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194511 Desert Magazine 1945 November

194511 Desert Magazine 1945 November



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Published by dm1937

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Published by: dm1937 on Feb 22, 2008
Copyright:Attribution Non-commercial


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After being a rockhound for half a cen-tury, 40 years of which were devoted toArizona minerals, A. L. Flagg, presidentof Rocky Mountain Federation of MineralSocieties and Mineralogical Society of Ari-zona, wrote a book for others who collector plan to collect in Arizona. It is ROCK-HOUNDS & ARIZONA MINERALS,published in 1944 by Fred Wilson, Whis-pering Wind Press, Phoenix.Say you're a novice, you've been wantingto find out what it takes to make a rock-hound—and finally you have some timeand gas. Mr. Flagg tells you how to makethe first start—what to wear, what to take,and where to look in Arizona (such asopenings of mines and quarries, stream-beds and the projection of rock formationsthrough the soil). After telling you aboutthe elements of identification, he sortsArizona minerals into Ore minerals, Non-metallics, Semiprecious stones and Rock-forming minerals, then describes each.Just 1800 copies of this De Luxe num-bered and autographed edition wereprinted. Two full-color plates show 10rough and polished specimens of Arizonaminerals, identification key, biblio., com-plete list of Arizona minerals, 82 pp.$3.50.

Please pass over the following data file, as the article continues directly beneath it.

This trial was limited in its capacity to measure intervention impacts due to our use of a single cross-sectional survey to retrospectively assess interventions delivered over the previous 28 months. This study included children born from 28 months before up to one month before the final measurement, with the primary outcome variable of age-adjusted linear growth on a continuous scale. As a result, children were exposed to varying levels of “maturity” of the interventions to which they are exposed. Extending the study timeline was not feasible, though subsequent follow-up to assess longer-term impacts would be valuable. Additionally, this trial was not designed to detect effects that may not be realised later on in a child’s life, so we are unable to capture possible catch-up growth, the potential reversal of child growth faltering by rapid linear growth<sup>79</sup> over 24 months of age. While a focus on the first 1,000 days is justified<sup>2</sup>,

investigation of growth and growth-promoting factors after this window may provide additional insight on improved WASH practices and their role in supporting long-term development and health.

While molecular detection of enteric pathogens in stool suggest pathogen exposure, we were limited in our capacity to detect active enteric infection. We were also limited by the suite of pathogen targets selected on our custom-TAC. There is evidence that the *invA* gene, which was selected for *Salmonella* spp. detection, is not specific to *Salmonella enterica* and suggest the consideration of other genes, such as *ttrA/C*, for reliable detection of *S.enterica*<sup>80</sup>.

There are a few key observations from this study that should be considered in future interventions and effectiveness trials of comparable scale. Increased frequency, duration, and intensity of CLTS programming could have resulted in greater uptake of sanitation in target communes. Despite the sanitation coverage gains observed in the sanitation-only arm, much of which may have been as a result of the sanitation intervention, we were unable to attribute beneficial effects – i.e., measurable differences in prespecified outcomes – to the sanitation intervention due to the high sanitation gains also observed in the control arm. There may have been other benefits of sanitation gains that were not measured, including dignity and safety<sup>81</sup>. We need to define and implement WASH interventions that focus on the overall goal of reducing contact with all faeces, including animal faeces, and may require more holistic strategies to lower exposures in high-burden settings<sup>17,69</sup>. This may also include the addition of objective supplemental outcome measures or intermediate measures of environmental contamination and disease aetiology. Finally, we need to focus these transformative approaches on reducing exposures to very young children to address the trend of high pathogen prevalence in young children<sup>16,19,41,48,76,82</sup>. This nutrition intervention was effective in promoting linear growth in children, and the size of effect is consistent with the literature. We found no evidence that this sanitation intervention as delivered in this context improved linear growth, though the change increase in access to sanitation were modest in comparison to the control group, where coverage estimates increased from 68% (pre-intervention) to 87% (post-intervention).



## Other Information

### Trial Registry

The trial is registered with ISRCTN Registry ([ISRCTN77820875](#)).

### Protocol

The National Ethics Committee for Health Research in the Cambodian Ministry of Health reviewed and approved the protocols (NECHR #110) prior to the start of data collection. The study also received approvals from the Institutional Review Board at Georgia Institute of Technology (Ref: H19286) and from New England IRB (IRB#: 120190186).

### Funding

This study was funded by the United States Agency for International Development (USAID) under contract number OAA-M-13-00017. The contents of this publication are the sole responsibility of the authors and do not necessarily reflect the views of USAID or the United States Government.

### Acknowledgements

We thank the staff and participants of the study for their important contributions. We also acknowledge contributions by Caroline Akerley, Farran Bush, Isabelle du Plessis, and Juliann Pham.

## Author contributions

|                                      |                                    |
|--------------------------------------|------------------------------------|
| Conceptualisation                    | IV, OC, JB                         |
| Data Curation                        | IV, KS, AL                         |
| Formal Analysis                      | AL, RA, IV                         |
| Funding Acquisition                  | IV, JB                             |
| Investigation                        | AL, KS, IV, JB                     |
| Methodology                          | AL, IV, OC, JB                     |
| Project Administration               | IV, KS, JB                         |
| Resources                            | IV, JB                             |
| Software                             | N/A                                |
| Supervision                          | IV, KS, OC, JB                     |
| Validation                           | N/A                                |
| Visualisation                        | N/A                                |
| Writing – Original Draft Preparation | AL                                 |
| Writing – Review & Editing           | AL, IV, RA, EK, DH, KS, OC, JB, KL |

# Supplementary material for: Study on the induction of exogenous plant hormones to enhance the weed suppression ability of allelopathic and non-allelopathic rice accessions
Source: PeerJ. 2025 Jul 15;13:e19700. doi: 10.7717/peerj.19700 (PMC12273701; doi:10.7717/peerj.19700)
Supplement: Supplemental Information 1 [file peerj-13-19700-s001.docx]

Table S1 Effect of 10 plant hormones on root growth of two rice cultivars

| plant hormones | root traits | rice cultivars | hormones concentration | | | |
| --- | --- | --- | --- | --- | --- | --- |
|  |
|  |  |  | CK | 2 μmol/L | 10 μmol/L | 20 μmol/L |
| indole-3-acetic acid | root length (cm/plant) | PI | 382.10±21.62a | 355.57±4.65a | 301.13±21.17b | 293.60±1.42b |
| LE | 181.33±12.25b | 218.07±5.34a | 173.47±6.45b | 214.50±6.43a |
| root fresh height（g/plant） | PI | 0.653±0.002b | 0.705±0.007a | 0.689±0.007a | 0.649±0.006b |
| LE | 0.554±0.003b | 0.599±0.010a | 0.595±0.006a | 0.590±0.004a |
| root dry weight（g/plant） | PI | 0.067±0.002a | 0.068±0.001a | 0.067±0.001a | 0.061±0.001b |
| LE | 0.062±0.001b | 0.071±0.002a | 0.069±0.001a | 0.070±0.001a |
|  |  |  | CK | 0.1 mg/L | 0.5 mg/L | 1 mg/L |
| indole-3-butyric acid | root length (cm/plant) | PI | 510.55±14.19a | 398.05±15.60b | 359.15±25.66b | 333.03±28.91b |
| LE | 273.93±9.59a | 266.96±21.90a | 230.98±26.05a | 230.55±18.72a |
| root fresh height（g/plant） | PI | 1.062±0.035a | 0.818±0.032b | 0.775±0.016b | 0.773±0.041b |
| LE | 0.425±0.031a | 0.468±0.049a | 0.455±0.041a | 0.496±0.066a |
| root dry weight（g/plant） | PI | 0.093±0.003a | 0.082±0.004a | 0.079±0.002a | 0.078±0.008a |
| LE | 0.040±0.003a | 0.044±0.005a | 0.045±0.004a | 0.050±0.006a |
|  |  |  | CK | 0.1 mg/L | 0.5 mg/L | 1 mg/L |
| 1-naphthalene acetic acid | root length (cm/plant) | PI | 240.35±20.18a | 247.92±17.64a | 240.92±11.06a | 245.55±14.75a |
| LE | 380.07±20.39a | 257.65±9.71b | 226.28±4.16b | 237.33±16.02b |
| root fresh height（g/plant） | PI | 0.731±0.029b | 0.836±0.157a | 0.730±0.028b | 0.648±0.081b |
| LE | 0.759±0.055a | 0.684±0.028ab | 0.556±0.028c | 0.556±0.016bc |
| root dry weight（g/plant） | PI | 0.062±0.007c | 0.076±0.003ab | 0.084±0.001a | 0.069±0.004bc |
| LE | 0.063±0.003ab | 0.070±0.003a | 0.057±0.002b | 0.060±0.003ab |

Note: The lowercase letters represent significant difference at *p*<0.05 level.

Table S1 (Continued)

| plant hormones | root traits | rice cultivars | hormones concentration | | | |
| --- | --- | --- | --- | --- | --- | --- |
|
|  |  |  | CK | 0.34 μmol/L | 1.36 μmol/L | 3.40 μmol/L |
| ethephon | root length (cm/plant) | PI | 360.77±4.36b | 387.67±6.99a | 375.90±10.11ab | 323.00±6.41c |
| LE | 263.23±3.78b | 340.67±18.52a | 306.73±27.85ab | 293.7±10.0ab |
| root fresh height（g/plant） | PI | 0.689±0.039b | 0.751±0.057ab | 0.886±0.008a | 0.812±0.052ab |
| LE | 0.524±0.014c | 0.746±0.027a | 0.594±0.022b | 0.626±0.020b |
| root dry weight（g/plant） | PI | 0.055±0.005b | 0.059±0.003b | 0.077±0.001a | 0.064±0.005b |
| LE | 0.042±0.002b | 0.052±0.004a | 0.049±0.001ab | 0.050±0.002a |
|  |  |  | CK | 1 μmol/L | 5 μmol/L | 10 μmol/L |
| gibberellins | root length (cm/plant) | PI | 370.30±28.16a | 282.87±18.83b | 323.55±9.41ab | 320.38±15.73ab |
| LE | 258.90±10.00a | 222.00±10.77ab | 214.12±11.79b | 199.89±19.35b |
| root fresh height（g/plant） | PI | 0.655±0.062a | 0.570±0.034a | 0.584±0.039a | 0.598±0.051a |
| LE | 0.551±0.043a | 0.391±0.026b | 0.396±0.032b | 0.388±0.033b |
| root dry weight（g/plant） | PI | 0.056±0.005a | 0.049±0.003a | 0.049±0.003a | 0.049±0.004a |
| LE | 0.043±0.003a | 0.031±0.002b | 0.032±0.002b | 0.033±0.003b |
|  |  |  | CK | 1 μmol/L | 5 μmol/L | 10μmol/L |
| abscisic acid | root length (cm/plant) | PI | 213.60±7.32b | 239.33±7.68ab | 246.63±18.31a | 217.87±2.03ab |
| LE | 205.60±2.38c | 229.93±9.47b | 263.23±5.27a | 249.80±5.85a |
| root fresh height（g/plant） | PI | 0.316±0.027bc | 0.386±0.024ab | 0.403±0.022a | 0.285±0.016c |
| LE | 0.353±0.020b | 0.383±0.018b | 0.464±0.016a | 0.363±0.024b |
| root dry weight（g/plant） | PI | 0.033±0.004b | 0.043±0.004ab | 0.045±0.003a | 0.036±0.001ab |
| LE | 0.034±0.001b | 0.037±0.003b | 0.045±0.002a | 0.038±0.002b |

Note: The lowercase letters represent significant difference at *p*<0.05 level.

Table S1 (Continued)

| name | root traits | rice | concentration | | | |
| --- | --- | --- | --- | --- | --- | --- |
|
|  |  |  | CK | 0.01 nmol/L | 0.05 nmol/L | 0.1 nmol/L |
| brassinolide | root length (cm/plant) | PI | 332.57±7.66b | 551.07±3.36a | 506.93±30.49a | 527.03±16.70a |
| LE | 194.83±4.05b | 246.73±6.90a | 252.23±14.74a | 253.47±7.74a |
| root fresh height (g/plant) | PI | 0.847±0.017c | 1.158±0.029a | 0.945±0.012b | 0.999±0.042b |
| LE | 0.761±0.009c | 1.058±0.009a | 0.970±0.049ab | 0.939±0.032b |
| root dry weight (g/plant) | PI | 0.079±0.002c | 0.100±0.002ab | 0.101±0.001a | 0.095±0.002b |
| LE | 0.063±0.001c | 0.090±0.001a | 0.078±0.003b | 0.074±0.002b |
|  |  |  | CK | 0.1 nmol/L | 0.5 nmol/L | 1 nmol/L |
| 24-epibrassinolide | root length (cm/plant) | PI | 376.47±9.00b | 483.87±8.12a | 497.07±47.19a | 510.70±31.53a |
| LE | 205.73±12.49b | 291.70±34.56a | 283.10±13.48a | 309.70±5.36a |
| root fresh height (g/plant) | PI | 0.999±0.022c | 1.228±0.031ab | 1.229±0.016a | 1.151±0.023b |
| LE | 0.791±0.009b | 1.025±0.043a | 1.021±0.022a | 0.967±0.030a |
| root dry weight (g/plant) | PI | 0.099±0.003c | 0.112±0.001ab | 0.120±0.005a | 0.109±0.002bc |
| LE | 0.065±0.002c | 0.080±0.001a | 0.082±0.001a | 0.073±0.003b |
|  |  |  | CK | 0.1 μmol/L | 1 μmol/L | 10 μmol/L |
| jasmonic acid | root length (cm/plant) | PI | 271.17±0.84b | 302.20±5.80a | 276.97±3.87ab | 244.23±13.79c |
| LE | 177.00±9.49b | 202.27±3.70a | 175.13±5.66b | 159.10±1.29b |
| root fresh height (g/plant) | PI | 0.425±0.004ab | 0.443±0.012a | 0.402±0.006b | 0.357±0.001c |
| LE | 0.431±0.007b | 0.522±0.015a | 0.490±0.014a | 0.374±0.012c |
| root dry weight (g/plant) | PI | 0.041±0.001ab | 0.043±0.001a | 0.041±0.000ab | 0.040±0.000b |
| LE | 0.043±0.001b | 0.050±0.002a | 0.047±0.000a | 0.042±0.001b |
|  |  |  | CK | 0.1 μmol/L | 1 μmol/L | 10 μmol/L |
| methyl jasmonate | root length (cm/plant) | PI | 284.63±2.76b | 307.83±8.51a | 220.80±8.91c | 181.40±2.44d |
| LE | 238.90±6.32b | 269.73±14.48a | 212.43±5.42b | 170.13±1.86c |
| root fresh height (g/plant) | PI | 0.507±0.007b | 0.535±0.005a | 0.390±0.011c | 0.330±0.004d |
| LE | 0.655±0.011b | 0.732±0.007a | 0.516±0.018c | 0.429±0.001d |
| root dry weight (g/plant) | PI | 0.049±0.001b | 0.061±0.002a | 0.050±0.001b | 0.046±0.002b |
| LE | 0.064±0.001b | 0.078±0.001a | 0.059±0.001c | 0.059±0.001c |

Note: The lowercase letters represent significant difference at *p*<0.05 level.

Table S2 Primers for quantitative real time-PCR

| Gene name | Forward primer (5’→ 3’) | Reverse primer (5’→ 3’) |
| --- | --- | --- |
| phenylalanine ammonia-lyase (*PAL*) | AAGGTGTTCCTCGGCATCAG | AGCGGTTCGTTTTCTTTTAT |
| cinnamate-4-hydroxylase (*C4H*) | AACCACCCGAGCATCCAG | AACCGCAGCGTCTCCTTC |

"I will follow my instincts, be myself forgood or ill, and see what will be the up-shot," wrote John Muir when he was 29-"As long as I live, I'll hear waterfalls andbirds and wind:; sing. I'll interpret therocks, learn the language of the flood,storm and avalanche. I'll acquaint myselfwith the glaciers and wild gardens, and getas near the heart of the world as I can."And John Muir did just that. He aban-doned a career which probably would havetaken him far in the world of industry andbusiness, for he was gifted with mechani-cal genius and strong character.He chose the outdoors—a field that hasnever been over-crowded—and devoted avery active lifetime to exploration andstudy and the recording of the lessons helearned from Nature.The story of his life and work has beenwell told by Linnie Marsh Wolfe in SONOF THE WILDERNESS, published thisyear. Mrs. Wolfe gave many years to anintimate study oi